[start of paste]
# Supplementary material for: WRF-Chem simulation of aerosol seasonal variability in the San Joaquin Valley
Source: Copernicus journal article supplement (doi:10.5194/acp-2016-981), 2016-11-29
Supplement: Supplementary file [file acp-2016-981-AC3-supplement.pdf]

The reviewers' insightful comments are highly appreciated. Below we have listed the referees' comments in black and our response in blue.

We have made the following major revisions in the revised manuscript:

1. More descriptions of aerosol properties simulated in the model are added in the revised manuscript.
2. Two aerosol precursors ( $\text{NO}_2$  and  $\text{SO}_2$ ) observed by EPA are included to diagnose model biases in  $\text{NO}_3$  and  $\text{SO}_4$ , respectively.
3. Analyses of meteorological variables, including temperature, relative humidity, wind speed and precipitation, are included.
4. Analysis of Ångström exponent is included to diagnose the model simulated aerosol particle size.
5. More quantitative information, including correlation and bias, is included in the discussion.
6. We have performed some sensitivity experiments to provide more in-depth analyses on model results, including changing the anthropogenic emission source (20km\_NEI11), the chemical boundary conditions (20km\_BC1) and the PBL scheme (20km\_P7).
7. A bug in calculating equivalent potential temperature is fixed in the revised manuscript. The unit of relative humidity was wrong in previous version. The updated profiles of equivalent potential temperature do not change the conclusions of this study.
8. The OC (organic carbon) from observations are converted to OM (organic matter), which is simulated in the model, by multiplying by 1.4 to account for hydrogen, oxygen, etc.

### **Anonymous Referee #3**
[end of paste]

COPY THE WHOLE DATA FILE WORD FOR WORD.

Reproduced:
# Supplementary material for: WRF-Chem simulation of aerosol seasonal variability in the San Joaquin Valley
Source: Copernicus journal article supplement (doi:10.5194/acp-2016-981), 2016-11-29
Supplement: Supplementary file [file acp-2016-981-AC3-supplement.pdf]

The reviewers' insightful comments are highly appreciated. Below we have listed the referees' comments in black and our response in blue.

We have made the following major revisions in the revised manuscript:

1. More descriptions of aerosol properties simulated in the model are added in the revised manuscript.
2. Two aerosol precursors ( $\text{NO}_2$  and  $\text{SO}_2$ ) observed by EPA are included to diagnose model biases in  $\text{NO}_3$  and  $\text{SO}_4$ , respectively.
3. Analyses of meteorological variables, including temperature, relative humidity, wind speed and precipitation, are included.
4. Analysis of Ångström exponent is included to diagnose the model simulated aerosol particle size.
5. More quantitative information, including correlation and bias, is included in the discussion.
6. We have performed some sensitivity experiments to provide more in-depth analyses on model results, including changing the anthropogenic emission source (20km\_NEI11), the chemical boundary conditions (20km\_BC1) and the PBL scheme (20km\_P7).
7. A bug in calculating equivalent potential temperature is fixed in the revised manuscript. The unit of relative humidity was wrong in previous version. The updated profiles of equivalent potential temperature do not change the conclusions of this study.
8. The OC (organic carbon) from observations are converted to OM (organic matter), which is simulated in the model, by multiplying by 1.4 to account for hydrogen, oxygen, etc.

### **Anonymous Referee #3**